Java EE 6 - JSF 2.0 Internationalization with session scoped language switcher bean

Java EE 6 – JSF 2.0 Internationalization with session scoped language switcher bean

Today I will present a short tutorial on how to implement internationalization feature in your JSF 2.0 web application. This tutorial is based on the previous one called Java EE 6 – Getting Started (maven, CDI and persistence) ready project.

We will continue from that point and add simple i18n feature with language switching capabilities.
First of all you need to define available languages for your application in faces-config.xml found in (src/main/webapp/WEB-INF/faces-config.xml

<?xml version="1.0" encoding="UTF-8"?>
<!-- This file is not required if you don't need any extra configuration. -->
<faces-config version="2.0"
  xmlns="http://java.sun.com/xml/ns/javaee"
  xmlns:xsi="http://www.w3.org/2001/XMLSchema-instance"
  xsi:schemaLocation="
     http://java.sun.com/xml/ns/javaee
     http://java.sun.com/xml/ns/javaee/web-facesconfig_2_0.xsd">


   <!-- Write your navigation rules here. You are encouraged to use CDI for creating @Named managed beans. -->
<application>      
        <locale-config>
            <default-locale>en</default-locale>
            <supported-locale>pl</supported-locale>
        </locale-config>
        <resource-bundle>
            <base-name>com.softwarepassion.j2ee6tutorial.messages</base-name>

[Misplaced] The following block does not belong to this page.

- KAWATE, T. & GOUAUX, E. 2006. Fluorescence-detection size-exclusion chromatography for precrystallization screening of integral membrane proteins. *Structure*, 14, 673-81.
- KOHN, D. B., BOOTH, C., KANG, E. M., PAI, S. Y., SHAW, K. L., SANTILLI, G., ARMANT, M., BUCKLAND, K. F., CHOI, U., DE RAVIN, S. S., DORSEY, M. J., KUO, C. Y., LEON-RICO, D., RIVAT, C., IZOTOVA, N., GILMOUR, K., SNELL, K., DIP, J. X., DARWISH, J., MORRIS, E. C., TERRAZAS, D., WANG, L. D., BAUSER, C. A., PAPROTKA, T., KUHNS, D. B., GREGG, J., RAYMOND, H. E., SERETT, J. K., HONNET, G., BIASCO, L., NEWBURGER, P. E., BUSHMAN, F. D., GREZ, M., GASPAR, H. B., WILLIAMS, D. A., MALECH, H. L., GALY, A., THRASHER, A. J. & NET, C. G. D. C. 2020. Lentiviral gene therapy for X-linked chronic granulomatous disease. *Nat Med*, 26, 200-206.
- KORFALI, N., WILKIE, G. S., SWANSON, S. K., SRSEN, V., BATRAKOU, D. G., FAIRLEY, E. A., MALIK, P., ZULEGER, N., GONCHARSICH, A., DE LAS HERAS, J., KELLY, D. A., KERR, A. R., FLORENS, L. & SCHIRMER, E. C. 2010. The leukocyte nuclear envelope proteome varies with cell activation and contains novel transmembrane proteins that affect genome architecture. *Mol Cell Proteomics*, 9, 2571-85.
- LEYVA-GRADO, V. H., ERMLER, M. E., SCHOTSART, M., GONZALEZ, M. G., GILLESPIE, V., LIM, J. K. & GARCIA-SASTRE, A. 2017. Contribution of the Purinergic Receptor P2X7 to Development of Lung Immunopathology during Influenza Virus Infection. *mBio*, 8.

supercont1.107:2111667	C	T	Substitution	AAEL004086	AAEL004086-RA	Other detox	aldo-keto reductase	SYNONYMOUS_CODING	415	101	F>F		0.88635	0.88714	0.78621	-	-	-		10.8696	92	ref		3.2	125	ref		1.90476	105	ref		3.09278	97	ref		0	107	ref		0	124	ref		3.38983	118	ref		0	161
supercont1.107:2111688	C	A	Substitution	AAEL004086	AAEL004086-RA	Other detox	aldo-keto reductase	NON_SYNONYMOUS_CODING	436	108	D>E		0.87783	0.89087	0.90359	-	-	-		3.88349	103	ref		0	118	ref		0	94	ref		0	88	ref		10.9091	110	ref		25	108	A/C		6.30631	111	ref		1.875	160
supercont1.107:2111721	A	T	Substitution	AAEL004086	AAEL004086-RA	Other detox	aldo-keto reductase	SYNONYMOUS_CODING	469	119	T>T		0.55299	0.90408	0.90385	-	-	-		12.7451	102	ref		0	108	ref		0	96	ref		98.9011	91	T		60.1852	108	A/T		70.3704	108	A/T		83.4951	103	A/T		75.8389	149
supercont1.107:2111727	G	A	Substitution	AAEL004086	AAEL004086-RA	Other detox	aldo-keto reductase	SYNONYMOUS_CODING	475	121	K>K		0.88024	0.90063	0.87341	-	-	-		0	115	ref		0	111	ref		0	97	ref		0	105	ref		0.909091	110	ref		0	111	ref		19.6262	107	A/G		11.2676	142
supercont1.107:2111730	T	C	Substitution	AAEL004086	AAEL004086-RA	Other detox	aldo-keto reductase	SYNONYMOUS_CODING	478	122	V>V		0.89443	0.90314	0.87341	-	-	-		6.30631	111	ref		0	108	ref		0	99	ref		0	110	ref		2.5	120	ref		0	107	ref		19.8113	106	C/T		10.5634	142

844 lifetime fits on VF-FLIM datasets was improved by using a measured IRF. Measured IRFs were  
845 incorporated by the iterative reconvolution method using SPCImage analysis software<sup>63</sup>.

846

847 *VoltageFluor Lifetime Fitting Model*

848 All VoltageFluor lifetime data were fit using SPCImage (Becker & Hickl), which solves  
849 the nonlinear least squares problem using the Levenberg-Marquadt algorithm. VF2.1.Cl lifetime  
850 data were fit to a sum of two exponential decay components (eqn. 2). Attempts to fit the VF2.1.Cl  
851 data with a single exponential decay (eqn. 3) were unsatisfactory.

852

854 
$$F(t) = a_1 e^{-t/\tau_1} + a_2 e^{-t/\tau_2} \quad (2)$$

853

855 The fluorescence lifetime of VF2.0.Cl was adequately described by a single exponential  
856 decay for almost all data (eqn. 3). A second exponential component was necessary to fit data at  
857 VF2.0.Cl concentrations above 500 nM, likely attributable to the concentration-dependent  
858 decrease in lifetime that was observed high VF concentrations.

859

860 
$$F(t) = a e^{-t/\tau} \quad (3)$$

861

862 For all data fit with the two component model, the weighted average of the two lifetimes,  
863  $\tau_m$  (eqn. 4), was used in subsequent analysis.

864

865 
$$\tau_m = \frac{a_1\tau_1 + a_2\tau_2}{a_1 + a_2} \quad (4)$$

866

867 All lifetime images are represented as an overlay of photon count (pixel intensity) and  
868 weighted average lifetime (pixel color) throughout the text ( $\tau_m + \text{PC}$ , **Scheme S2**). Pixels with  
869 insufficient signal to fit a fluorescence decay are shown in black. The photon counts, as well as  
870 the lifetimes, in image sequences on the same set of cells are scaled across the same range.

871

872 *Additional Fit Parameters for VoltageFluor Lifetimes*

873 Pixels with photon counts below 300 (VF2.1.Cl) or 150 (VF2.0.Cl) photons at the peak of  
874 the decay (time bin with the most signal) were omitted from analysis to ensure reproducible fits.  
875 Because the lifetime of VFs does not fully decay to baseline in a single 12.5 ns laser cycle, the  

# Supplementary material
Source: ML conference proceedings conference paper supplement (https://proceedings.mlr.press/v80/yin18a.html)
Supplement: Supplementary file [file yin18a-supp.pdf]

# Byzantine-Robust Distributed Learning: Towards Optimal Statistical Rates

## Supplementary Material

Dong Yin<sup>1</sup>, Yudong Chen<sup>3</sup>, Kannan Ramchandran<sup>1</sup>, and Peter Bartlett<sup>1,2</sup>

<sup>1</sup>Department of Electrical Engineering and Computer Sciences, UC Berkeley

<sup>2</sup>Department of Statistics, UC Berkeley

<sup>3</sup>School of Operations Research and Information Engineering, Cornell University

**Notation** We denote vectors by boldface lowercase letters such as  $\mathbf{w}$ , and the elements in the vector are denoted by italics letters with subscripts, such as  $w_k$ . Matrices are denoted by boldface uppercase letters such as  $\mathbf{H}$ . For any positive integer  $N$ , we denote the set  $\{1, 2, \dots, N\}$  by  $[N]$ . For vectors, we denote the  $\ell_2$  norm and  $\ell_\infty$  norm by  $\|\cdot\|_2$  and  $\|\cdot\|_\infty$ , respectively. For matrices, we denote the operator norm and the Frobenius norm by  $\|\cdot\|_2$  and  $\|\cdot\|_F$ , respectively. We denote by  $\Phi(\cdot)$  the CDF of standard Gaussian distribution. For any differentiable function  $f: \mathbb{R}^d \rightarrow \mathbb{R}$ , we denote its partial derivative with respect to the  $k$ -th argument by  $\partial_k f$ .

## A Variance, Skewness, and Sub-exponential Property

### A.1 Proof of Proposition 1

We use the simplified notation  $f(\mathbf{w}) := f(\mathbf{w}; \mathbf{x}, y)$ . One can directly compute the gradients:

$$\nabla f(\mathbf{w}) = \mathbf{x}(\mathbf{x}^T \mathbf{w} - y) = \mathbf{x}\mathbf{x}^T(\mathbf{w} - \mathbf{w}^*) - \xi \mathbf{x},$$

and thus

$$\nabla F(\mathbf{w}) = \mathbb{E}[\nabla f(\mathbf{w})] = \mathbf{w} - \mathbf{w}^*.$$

<var>msg</var>
        </resource-bundle>
    </application>
</faces-config>

As you can see, I have defined support for two languages here, ‘pl’ – Polish and English which is the default one.
In order to use your language specific messages you need to define ‘.properties’ file for each single language.
Place your files in /src/main/resources/name/of/your/package/*.properties’ We will start with the english version first (messages.properties):

I have added just one single property for the string key called ‘Title’

Do the same for the second properties file called ‘messages_pl_PL.properties’ and place the file in the same location. As you have probably noticed already, the file for each language must follow simple naming convention like messages_+your language code+.properties

Now its time to actually implement i18n handling logic. To save selected language for each user we will use the most natural option which is a session scoped JSF managed bean.

import java.io.Serializable;
import java.util.Locale;
import java.util.logging.Logger;